P.J. Moton-Poole

AIDS United’s Southern HIV Impact Fund is giving organizations the money they need to make a difference

Mat Shaw | Contributing Writer

Since 1988, AIDS United has provided more than $104 million to local communities to fight the HIV epidemic, targeting the nation’s most vulnerable communities, including gay and bisexual men, people of color, transgender individuals, drug users, sex workers and those living in the South.

“Central to our work is a deeply-held commitment to health equity and an intersectional approach to addressing the social determinants and disparities that drive the HIV epidemic in the U.S.,” said P.J. Moton-Poole, program manager for AIDS United. “Our guiding North Star is, and always will be, the voices and the needs of people living with HIV.”

The organization is one of the few national organizations led by a gay man of color living with HIV, a fact they are proud of, Moton-Poole added.

Now a new program launched by AIDS United targets the South for funding to fight the virus. In 2017, the year it was launched, the Southern HIV Impact Fund granted $2.65 million to 37 organizations in nine deeply-impacted states: Alabama, Florida, Georgia, Louisiana, Mississippi, North Carolina, South Carolina, Tennessee and Texas.

According to the organization’s website, HIV funding in the South decreased by $2 million between 2015 and 2016. In addition, 44 percent of people living with HIV reside in the South.

Seven organizations in Texas benefit from AIDS United funds, two of which are in Dallas. Abounding Prosperity Inc., which provides health services to gay and bisexual black men and black trans women, and The Afiya Center, which addresses the sexual and reproductive health of black women and girls, are the two Dallas organizations that receive the funds.

“Both of these projects fill significant gaps in needed services and support Dallas’ black communities,” Moton-Poole said. “The Southern HIV Impact fund is proud to support the important work of these incredible organizations.”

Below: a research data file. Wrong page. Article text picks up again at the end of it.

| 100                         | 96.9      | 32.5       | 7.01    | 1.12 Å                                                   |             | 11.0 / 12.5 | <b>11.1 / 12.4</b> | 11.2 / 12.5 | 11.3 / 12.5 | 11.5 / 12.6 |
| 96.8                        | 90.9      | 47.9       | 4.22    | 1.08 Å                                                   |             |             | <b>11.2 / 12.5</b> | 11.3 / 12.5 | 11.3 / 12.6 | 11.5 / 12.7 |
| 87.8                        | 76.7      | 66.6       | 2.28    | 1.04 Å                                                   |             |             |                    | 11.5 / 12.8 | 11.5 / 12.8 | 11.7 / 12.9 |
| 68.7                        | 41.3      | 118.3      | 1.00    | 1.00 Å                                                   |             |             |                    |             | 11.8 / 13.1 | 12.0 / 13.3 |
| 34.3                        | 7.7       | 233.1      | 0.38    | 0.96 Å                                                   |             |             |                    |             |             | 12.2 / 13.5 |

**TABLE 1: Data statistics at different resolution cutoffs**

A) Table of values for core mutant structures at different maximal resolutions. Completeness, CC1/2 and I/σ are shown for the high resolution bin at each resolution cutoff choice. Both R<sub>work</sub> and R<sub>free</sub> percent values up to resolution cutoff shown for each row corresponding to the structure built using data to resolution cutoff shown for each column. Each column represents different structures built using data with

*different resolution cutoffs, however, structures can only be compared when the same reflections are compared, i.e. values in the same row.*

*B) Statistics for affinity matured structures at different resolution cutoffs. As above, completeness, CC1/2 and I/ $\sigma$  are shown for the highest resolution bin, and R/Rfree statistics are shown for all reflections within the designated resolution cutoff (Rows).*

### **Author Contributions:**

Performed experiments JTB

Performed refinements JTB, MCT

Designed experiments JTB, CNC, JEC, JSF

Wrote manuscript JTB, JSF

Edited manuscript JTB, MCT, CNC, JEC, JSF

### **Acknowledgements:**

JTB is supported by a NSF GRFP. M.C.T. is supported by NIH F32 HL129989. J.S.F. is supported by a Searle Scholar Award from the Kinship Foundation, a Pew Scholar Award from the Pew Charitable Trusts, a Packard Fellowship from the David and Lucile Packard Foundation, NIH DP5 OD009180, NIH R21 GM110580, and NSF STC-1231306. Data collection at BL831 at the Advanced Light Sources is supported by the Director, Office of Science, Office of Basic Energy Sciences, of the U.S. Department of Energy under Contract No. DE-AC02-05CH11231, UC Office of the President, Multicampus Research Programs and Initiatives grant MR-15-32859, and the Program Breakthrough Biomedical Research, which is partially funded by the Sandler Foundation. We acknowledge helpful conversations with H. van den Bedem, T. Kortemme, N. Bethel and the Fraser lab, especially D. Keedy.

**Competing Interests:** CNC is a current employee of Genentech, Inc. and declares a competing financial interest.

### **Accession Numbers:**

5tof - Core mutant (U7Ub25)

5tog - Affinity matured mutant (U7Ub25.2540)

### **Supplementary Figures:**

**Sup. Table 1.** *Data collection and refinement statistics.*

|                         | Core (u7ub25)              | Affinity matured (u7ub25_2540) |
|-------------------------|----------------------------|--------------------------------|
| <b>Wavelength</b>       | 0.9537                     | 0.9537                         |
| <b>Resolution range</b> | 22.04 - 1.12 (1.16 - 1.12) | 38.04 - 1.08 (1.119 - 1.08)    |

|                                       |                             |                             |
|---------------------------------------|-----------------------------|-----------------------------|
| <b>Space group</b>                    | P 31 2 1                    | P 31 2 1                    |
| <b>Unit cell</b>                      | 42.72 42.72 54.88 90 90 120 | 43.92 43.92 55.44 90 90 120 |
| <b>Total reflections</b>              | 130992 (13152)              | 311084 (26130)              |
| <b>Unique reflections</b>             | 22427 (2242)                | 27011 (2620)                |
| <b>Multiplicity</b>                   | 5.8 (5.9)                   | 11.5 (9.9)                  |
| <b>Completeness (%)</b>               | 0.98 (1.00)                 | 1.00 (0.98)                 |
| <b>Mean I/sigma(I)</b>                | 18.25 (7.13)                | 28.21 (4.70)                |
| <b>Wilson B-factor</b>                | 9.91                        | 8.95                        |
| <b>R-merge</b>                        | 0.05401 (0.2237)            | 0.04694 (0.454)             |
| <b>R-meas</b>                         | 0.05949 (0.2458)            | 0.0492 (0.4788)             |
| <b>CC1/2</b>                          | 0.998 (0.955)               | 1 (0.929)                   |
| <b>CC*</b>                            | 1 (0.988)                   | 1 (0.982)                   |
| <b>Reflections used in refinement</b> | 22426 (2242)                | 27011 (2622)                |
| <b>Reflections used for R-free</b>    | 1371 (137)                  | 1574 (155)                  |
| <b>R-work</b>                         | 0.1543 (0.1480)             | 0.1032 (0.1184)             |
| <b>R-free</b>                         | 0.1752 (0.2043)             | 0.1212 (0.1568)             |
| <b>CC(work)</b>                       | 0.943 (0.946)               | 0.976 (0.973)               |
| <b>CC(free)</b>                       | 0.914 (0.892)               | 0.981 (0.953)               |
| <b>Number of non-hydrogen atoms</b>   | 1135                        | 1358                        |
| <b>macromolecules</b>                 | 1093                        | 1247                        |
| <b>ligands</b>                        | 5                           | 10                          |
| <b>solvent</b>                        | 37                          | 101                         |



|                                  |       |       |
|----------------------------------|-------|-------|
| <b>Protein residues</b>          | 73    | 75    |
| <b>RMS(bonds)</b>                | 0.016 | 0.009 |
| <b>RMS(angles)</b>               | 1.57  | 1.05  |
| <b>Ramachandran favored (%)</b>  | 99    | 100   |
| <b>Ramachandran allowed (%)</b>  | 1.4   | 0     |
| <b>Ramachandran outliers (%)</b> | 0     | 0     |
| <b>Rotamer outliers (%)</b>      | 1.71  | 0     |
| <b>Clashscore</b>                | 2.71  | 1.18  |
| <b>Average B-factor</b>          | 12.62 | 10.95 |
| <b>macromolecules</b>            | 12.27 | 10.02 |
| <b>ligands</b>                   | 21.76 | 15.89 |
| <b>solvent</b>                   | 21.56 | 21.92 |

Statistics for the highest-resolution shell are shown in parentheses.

There are about 18,000 people living with HIV in Dallas County, according to data from the Texas Department of State and Health Services. The Dallas area also has the highest rate of HIV in the state, Moton-Poole noted.

Other grant-making programs AIDS United sponsors to help bring health equity are Transgender Leadership Initiative, which helps build grassroots leadership within transgender communities, and Syringe Access Fund, which supports reduction in shared syringes and ensures their safe disposal.

According to Syringe Access Fund’s website, infected needles result in up to 5,000 cases of HIV and about 10,000 cases of hepatitis C. The fund plans to invest close to $2.4 million in 62 organizations across 32 states to support HIV and viral hepatitis prevention efforts between 2018 and 2020.

Transgender Leadership Initiative supports eight organizations across the country to “amplify the power of transgender people to address the HIV epidemic and make a difference in their communities,” according to their website. Some of their initiatives include creating a statewide trans youth advisory council in Michigan and training for recently incarcerated trans people.

In addition, the People Organizing Positively Initiative supports 10 organizations across the country to address stigma and encourage engagement in HIV care. Their work ranges from leading a multistate initiative to empower women living with HIV, helping leadership development in people with HIV through advocacy and storytelling and mobilizing to address HIV criminalization.

“As a matter of principle, we also believe that people living with HIV and those from affected communities should lead our movement to end the HIV epidemic,” Moton-Poole said. “All of our strategic grantmaking initiatives require capacity building components, to ensure sustainable and diverse leadership to propagate a more durable movement to see us over the finish line and end this epidemic.”